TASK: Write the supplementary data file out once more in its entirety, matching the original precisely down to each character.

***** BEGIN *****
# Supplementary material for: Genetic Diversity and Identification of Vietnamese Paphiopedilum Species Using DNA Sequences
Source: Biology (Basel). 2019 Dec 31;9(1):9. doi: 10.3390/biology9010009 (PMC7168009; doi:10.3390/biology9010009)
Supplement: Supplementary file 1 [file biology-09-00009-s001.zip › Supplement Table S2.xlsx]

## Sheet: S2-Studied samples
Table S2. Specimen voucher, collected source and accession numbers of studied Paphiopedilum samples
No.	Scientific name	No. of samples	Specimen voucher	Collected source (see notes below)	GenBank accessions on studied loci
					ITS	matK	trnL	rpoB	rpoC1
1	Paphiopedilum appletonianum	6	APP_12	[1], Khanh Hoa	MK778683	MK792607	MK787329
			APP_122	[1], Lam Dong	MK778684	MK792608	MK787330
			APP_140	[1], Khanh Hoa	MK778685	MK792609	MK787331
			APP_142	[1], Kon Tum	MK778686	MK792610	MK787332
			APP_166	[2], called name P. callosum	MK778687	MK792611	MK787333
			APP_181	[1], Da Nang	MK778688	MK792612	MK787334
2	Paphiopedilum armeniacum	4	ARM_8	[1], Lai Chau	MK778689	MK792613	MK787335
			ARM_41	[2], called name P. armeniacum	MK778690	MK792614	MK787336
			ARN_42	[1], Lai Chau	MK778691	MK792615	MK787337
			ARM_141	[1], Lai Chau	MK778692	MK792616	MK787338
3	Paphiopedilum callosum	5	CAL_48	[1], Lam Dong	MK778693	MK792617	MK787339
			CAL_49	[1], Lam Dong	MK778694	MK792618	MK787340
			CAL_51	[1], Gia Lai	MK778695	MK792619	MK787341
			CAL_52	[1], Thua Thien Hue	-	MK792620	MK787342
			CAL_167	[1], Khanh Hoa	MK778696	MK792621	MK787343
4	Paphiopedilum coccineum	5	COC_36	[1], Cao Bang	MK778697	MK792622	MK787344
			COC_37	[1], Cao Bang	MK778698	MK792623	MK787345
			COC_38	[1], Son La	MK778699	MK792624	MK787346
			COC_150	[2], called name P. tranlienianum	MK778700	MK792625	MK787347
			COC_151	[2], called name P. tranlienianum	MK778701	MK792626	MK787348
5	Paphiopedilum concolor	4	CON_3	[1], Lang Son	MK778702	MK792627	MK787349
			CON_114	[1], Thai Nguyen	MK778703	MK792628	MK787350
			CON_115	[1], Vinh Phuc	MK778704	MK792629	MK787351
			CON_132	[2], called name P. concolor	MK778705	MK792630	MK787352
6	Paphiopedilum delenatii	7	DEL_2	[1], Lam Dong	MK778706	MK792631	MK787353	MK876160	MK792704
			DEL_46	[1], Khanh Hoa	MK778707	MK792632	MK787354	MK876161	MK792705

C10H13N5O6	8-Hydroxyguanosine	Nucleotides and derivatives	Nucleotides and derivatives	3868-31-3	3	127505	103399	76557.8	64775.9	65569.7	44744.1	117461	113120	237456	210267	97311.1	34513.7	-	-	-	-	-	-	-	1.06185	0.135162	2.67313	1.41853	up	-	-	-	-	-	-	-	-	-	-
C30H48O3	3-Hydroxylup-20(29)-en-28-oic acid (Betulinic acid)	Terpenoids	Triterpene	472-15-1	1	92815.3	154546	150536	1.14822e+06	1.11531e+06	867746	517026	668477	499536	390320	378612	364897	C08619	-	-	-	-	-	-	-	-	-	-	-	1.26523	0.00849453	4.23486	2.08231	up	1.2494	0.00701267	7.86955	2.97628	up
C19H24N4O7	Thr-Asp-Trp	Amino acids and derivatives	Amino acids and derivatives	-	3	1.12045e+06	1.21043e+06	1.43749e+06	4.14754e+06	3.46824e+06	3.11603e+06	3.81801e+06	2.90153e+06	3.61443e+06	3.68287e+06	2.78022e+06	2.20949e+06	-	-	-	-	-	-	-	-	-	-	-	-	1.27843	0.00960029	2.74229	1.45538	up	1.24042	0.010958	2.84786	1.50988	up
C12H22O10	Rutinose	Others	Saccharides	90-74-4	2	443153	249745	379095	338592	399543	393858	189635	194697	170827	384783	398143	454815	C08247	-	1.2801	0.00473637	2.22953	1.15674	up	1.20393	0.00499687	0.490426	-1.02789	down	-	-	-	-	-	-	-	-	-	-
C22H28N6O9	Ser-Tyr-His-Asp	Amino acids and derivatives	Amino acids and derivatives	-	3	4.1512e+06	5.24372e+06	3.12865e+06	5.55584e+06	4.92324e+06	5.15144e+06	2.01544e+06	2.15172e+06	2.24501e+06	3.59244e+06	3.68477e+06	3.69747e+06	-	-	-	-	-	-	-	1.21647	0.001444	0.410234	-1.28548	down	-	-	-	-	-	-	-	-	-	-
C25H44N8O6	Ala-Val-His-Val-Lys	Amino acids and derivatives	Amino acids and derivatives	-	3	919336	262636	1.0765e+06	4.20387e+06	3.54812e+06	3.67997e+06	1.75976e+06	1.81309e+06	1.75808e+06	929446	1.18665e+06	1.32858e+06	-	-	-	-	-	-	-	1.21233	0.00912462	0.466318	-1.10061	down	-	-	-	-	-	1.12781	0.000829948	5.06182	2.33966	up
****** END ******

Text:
# Supplementary material for: Genetic Diversity and Identification of Vietnamese Paphiopedilum Species Using DNA Sequences
Source: Biology (Basel). 2019 Dec 31;9(1):9. doi: 10.3390/biology9010009 (PMC7168009; doi:10.3390/biology9010009)
Supplement: Supplementary file 1 [file biology-09-00009-s001.zip › Supplement Table S2.xlsx]

## Sheet: S2-Studied samples
Table S2. Specimen voucher, collected source and accession numbers of studied Paphiopedilum samples
No.	Scientific name	No. of samples	Specimen voucher	Collected source (see notes below)	GenBank accessions on studied loci
					ITS	matK	trnL	rpoB	rpoC1
1	Paphiopedilum appletonianum	6	APP_12	[1], Khanh Hoa	MK778683	MK792607	MK787329
			APP_122	[1], Lam Dong	MK778684	MK792608	MK787330
			APP_140	[1], Khanh Hoa	MK778685	MK792609	MK787331
			APP_142	[1], Kon Tum	MK778686	MK792610	MK787332
			APP_166	[2], called name P. callosum	MK778687	MK792611	MK787333
			APP_181	[1], Da Nang	MK778688	MK792612	MK787334
2	Paphiopedilum armeniacum	4	ARM_8	[1], Lai Chau	MK778689	MK792613	MK787335
			ARM_41	[2], called name P. armeniacum	MK778690	MK792614	MK787336
			ARN_42	[1], Lai Chau	MK778691	MK792615	MK787337
			ARM_141	[1], Lai Chau	MK778692	MK792616	MK787338
3	Paphiopedilum callosum	5	CAL_48	[1], Lam Dong	MK778693	MK792617	MK787339
			CAL_49	[1], Lam Dong	MK778694	MK792618	MK787340
			CAL_51	[1], Gia Lai	MK778695	MK792619	MK787341
			CAL_52	[1], Thua Thien Hue	-	MK792620	MK787342
			CAL_167	[1], Khanh Hoa	MK778696	MK792621	MK787343
4	Paphiopedilum coccineum	5	COC_36	[1], Cao Bang	MK778697	MK792622	MK787344
			COC_37	[1], Cao Bang	MK778698	MK792623	MK787345
			COC_38	[1], Son La	MK778699	MK792624	MK787346
			COC_150	[2], called name P. tranlienianum	MK778700	MK792625	MK787347
			COC_151	[2], called name P. tranlienianum	MK778701	MK792626	MK787348
5	Paphiopedilum concolor	4	CON_3	[1], Lang Son	MK778702	MK792627	MK787349
			CON_114	[1], Thai Nguyen	MK778703	MK792628	MK787350
			CON_115	[1], Vinh Phuc	MK778704	MK792629	MK787351
			CON_132	[2], called name P. concolor	MK778705	MK792630	MK787352
6	Paphiopedilum delenatii	7	DEL_2	[1], Lam Dong	MK778706	MK792631	MK787353	MK876160	MK792704
			DEL_46	[1], Khanh Hoa	MK778707	MK792632	MK787354	MK876161	MK792705

C10H13N5O6	8-Hydroxyguanosine	Nucleotides and derivatives	Nucleotides and derivatives	3868-31-3	3	127505	103399	76557.8	64775.9	65569.7	44744.1	117461	113120	237456	210267	97311.1	34513.7	-	-	-	-	-	-	-	1.06185	0.135162	2.67313	1.41853	up	-	-	-	-	-	-	-	-	-	-
C30H48O3	3-Hydroxylup-20(29)-en-28-oic acid (Betulinic acid)	Terpenoids	Triterpene	472-15-1	1	92815.3	154546	150536	1.14822e+06	1.11531e+06	867746	517026	668477	499536	390320	378612	364897	C08619	-	-	-	-	-	-	-	-	-	-	-	1.26523	0.00849453	4.23486	2.08231	up	1.2494	0.00701267	7.86955	2.97628	up
C19H24N4O7	Thr-Asp-Trp	Amino acids and derivatives	Amino acids and derivatives	-	3	1.12045e+06	1.21043e+06	1.43749e+06	4.14754e+06	3.46824e+06	3.11603e+06	3.81801e+06	2.90153e+06	3.61443e+06	3.68287e+06	2.78022e+06	2.20949e+06	-	-	-	-	-	-	-	-	-	-	-	-	1.27843	0.00960029	2.74229	1.45538	up	1.24042	0.010958	2.84786	1.50988	up
C12H22O10	Rutinose	Others	Saccharides	90-74-4	2	443153	249745	379095	338592	399543	393858	189635	194697	170827	384783	398143	454815	C08247	-	1.2801	0.00473637	2.22953	1.15674	up	1.20393	0.00499687	0.490426	-1.02789	down	-	-	-	-	-	-	-	-	-	-
C22H28N6O9	Ser-Tyr-His-Asp	Amino acids and derivatives	Amino acids and derivatives	-	3	4.1512e+06	5.24372e+06	3.12865e+06	5.55584e+06	4.92324e+06	5.15144e+06	2.01544e+06	2.15172e+06	2.24501e+06	3.59244e+06	3.68477e+06	3.69747e+06	-	-	-	-	-	-	-	1.21647	0.001444	0.410234	-1.28548	down	-	-	-	-	-	-	-	-	-	-
C25H44N8O6	Ala-Val-His-Val-Lys	Amino acids and derivatives	Amino acids and derivatives	-	3	919336	262636	1.0765e+06	4.20387e+06	3.54812e+06	3.67997e+06	1.75976e+06	1.81309e+06	1.75808e+06	929446	1.18665e+06	1.32858e+06	-	-	-	-	-	-	-	1.21233	0.00912462	0.466318	-1.10061	down	-	-	-	-	-	1.12781	0.000829948	5.06182	2.33966	up